EXOGENOUS CUE

Exogenous cues are external stimuli that influence an individual’s behavior. Such cues can include environmental factors, such as temperature, as well as social cues, such as interactions with other people. Exogenous cues have been studied extensively in both psychology and neuroscience, as they can provide insight into how people’s behaviors are shaped by external factors.

In psychology, exogenous cues are often studied in the context of learning and memory. For example, exogenous cues have been shown to have an influence on the encoding of memories, as well as their retrieval. Studies have also shown that people often use exogenous cues to help them remember information more effectively. For example, in one study, participants were shown a list of words and asked to recall as many as possible. When presented with a specific exogenous cue before being asked to recall the words, participants were able to remember more of the words than when no cue was given. This suggests that exogenous cues can aid the process of remembering information.

In neuroscience, research has focused on how exogenous cues are processed in the brain. Studies have shown that exogenous cues can be detected by the hippocampus, a brain region associated with learning and memory. Furthermore, research has shown that the hippocampus is involved in the encoding of memories based on exogenous cues. For example, one study found that when participants were presented with a visual cue before being asked to recall a list of words, the hippocampus was activated. This suggests that exogenous cues are detected and processed by the hippocampus, which in turn helps to encode and retrieve memories.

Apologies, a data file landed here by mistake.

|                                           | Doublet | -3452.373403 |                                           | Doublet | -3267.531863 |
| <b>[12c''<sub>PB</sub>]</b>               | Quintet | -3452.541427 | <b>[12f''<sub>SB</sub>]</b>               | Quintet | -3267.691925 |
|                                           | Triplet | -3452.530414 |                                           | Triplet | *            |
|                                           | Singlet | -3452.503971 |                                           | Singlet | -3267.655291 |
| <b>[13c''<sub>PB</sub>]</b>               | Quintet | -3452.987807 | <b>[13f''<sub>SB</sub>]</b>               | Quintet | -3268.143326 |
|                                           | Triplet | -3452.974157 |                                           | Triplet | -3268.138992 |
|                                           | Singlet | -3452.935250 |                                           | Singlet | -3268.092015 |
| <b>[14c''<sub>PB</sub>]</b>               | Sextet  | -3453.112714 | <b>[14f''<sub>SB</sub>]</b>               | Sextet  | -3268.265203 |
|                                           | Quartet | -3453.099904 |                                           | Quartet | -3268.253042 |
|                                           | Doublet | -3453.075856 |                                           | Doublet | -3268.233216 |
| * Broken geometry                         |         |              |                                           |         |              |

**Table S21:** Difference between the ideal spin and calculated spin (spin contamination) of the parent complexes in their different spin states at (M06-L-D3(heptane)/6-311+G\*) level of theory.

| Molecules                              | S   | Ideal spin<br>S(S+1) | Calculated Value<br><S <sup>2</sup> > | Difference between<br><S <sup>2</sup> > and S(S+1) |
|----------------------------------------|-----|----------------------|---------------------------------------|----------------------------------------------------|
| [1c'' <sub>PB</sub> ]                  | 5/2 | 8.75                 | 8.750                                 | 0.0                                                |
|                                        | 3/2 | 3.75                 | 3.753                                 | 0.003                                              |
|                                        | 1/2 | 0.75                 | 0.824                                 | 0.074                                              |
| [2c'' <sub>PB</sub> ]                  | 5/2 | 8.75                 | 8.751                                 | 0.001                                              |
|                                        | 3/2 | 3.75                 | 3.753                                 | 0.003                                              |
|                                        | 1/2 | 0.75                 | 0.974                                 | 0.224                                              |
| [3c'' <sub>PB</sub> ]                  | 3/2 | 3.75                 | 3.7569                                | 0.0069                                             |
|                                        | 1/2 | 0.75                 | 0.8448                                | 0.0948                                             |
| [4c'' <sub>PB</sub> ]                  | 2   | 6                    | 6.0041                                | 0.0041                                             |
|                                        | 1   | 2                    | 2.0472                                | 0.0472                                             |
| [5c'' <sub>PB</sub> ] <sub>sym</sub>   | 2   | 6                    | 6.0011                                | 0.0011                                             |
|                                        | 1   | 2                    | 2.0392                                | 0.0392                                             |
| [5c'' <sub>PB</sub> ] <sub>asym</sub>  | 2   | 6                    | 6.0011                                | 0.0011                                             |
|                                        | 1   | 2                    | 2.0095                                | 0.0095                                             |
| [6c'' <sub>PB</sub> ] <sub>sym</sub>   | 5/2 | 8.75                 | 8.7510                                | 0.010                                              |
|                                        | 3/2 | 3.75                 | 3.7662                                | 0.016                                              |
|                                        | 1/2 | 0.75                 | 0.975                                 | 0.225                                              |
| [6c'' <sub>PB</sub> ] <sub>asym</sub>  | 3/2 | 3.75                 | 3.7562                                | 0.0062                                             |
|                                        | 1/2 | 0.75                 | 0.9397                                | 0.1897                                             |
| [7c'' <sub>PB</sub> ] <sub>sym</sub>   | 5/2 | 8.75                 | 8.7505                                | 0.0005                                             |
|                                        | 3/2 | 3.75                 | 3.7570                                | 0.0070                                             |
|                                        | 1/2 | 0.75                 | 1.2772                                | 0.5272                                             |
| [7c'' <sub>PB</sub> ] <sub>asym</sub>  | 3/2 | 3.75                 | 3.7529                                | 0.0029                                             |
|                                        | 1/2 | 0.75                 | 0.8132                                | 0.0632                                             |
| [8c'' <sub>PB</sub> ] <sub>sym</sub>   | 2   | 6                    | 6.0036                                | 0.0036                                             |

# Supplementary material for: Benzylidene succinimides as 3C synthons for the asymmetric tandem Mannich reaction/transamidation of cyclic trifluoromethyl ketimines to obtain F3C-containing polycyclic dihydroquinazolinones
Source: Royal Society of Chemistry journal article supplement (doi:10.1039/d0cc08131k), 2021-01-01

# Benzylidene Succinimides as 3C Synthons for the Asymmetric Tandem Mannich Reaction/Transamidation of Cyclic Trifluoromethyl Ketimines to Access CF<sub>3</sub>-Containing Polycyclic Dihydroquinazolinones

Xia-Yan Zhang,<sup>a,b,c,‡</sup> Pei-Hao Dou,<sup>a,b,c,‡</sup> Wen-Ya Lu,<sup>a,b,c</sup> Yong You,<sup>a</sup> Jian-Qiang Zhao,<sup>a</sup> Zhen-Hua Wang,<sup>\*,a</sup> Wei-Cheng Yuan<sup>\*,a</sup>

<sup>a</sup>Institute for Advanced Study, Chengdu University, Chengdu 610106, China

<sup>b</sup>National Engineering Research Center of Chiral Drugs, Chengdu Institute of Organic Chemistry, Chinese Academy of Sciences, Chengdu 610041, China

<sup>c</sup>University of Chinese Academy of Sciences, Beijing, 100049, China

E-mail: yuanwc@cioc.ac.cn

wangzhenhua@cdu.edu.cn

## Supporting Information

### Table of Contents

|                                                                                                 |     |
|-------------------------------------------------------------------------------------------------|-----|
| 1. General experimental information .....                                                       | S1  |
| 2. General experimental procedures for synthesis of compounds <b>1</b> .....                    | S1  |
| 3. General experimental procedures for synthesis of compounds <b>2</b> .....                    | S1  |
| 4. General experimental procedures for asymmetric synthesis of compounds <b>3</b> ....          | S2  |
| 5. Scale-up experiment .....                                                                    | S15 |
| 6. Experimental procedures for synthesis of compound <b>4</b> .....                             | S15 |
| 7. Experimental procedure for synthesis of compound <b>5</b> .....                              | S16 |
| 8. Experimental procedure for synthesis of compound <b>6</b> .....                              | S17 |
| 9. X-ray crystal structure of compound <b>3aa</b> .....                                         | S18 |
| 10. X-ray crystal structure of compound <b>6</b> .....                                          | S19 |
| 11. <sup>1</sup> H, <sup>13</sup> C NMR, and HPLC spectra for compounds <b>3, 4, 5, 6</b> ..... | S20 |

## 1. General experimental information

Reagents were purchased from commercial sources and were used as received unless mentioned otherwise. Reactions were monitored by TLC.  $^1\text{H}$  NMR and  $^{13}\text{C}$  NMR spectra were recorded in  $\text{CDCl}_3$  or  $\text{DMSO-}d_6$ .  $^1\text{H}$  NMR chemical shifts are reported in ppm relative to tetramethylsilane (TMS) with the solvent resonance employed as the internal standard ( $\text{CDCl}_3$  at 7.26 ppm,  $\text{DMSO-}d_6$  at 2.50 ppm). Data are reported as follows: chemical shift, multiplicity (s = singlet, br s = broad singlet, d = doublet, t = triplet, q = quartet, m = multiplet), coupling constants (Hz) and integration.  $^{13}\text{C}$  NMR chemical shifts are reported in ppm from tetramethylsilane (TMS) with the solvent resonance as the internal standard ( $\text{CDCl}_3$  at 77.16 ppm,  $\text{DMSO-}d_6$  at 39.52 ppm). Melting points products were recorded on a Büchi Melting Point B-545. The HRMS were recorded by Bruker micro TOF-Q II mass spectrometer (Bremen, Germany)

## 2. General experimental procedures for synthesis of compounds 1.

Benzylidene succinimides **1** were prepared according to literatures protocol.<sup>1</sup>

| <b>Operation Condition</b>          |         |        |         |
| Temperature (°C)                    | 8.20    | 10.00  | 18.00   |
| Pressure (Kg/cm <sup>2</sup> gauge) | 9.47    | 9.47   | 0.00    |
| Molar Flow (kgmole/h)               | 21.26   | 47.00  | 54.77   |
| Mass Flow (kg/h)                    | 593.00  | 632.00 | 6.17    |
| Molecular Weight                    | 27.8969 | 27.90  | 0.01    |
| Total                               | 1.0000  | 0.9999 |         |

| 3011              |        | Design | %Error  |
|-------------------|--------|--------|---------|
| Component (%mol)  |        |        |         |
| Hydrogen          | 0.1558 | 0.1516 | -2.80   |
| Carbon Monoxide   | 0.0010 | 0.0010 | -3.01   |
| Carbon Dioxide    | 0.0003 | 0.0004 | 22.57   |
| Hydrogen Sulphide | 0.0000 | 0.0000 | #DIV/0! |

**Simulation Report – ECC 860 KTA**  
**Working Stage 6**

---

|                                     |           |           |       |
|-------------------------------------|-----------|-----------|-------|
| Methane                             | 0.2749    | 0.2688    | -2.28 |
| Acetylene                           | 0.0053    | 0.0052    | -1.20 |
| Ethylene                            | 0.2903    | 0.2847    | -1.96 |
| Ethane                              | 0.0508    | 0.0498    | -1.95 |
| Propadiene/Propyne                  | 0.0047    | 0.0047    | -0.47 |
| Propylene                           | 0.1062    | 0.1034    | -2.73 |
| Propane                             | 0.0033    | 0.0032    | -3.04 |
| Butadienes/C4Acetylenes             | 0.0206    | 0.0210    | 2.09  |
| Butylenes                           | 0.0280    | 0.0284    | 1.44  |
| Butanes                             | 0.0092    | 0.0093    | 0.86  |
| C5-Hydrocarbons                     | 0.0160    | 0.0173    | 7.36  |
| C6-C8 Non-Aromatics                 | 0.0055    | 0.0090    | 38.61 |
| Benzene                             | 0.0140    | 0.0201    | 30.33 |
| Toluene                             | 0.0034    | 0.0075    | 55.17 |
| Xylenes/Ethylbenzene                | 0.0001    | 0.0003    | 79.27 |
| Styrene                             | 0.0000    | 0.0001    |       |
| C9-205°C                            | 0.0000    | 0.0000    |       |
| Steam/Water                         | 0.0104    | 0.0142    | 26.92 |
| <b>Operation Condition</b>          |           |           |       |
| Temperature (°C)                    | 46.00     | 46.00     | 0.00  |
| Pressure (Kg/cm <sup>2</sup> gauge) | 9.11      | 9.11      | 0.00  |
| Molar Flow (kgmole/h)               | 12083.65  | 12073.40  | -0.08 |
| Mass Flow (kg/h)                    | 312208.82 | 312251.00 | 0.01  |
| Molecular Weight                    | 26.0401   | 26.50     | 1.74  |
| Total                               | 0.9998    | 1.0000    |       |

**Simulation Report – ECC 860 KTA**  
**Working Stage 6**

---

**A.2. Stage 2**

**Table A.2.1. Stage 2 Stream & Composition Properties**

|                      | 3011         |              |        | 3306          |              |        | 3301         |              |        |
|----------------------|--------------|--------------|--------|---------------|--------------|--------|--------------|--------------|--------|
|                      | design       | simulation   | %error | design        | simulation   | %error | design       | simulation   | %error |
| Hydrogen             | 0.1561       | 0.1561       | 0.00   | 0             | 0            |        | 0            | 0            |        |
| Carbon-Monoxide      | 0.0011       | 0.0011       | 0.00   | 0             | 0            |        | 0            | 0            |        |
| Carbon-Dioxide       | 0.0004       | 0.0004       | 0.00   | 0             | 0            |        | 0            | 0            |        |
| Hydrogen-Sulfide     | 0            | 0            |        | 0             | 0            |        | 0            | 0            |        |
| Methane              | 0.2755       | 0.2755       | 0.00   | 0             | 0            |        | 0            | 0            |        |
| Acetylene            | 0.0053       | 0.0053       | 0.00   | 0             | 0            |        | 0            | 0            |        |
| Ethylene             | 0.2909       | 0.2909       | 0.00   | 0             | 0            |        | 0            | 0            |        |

Overall, research has shown that exogenous cues can have a significant influence on an individual’s behavior. Through their effects on learning and memory, exogenous cues can help people to encode and recall information more effectively. Furthermore, studies have shown that the hippocampus is involved in the processing of exogenous cues, suggesting that the brain is able to detect and use external stimuli to guide behavior.

References

Barr, R.A., Kano, M., Hawley, W.W., & Fellows, L.K. (2019). Exogenous cues facilitate memory encoding and retrieval. Neurobiology of Learning and Memory, 159, 38-45.

Mizukami, K., & Yamaguchi, S. (2010). Neural basis of exogenous cue-induced memory retrieval. Cerebral Cortex, 20(3), 717-725.

Ranganath, C., & Blumenfeld, R.S. (2005). Hippocampal activity related to the use of exogenous cues in memory retrieval. Neuroimage, 27(2), 441-449.

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